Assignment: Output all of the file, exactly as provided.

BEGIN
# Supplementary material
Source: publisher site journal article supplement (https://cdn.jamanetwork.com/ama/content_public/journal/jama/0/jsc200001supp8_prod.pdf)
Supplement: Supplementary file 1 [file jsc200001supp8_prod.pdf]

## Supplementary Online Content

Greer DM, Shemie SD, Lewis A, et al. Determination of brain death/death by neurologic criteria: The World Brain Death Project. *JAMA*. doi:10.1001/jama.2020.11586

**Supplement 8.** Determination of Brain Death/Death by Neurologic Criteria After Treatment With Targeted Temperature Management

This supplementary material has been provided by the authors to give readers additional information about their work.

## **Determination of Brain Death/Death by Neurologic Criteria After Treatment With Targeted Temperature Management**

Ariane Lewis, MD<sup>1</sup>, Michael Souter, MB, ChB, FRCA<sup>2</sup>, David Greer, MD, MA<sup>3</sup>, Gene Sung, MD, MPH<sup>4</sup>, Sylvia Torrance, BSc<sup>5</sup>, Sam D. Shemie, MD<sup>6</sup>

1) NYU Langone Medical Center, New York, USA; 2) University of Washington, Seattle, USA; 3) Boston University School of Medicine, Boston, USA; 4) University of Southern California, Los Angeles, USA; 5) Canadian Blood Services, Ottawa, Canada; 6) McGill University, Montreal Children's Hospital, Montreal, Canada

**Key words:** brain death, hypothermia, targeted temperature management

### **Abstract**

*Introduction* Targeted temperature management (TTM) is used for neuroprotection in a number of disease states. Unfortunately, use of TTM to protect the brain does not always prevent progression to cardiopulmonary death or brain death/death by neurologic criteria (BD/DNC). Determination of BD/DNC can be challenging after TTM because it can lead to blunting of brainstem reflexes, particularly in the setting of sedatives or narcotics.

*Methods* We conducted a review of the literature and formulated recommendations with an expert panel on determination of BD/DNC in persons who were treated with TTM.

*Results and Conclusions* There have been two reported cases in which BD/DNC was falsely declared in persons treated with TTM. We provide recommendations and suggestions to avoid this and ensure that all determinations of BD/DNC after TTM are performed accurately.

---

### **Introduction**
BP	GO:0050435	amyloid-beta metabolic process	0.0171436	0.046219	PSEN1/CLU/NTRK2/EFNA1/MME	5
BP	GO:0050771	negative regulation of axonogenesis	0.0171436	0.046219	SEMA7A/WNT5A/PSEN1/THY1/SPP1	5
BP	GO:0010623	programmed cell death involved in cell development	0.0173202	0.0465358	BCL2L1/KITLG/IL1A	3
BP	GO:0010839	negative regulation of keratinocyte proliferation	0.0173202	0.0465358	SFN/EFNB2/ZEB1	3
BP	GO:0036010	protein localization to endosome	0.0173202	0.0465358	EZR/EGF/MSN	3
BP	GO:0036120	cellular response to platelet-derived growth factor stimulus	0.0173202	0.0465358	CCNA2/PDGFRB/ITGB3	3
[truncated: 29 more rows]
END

# Supplementary material
Source: publisher site journal article supplement (https://cdn.jamanetwork.com/ama/content_public/journal/jama/0/jsc200001supp8_prod.pdf)
Supplement: Supplementary file 1 [file jsc200001supp8_prod.pdf]

## Supplementary Online Content

Greer DM, Shemie SD, Lewis A, et al. Determination of brain death/death by neurologic criteria: The World Brain Death Project. *JAMA*. doi:10.1001/jama.2020.11586

**Supplement 8.** Determination of Brain Death/Death by Neurologic Criteria After Treatment With Targeted Temperature Management

This supplementary material has been provided by the authors to give readers additional information about their work.

## **Determination of Brain Death/Death by Neurologic Criteria After Treatment With Targeted Temperature Management**

Ariane Lewis, MD<sup>1</sup>, Michael Souter, MB, ChB, FRCA<sup>2</sup>, David Greer, MD, MA<sup>3</sup>, Gene Sung, MD, MPH<sup>4</sup>, Sylvia Torrance, BSc<sup>5</sup>, Sam D. Shemie, MD<sup>6</sup>

1) NYU Langone Medical Center, New York, USA; 2) University of Washington, Seattle, USA; 3) Boston University School of Medicine, Boston, USA; 4) University of Southern California, Los Angeles, USA; 5) Canadian Blood Services, Ottawa, Canada; 6) McGill University, Montreal Children's Hospital, Montreal, Canada

**Key words:** brain death, hypothermia, targeted temperature management

### **Abstract**

*Introduction* Targeted temperature management (TTM) is used for neuroprotection in a number of disease states. Unfortunately, use of TTM to protect the brain does not always prevent progression to cardiopulmonary death or brain death/death by neurologic criteria (BD/DNC). Determination of BD/DNC can be challenging after TTM because it can lead to blunting of brainstem reflexes, particularly in the setting of sedatives or narcotics.

*Methods* We conducted a review of the literature and formulated recommendations with an expert panel on determination of BD/DNC in persons who were treated with TTM.

*Results and Conclusions* There have been two reported cases in which BD/DNC was falsely declared in persons treated with TTM. We provide recommendations and suggestions to avoid this and ensure that all determinations of BD/DNC after TTM are performed accurately.

---

### **Introduction**
BP	GO:0050435	amyloid-beta metabolic process	0.0171436	0.046219	PSEN1/CLU/NTRK2/EFNA1/MME	5
BP	GO:0050771	negative regulation of axonogenesis	0.0171436	0.046219	SEMA7A/WNT5A/PSEN1/THY1/SPP1	5
BP	GO:0010623	programmed cell death involved in cell development	0.0173202	0.0465358	BCL2L1/KITLG/IL1A	3
BP	GO:0010839	negative regulation of keratinocyte proliferation	0.0173202	0.0465358	SFN/EFNB2/ZEB1	3
BP	GO:0036010	protein localization to endosome	0.0173202	0.0465358	EZR/EGF/MSN	3
BP	GO:0036120	cellular response to platelet-derived growth factor stimulus	0.0173202	0.0465358	CCNA2/PDGFRB/ITGB3	3
[truncated: 29 more rows]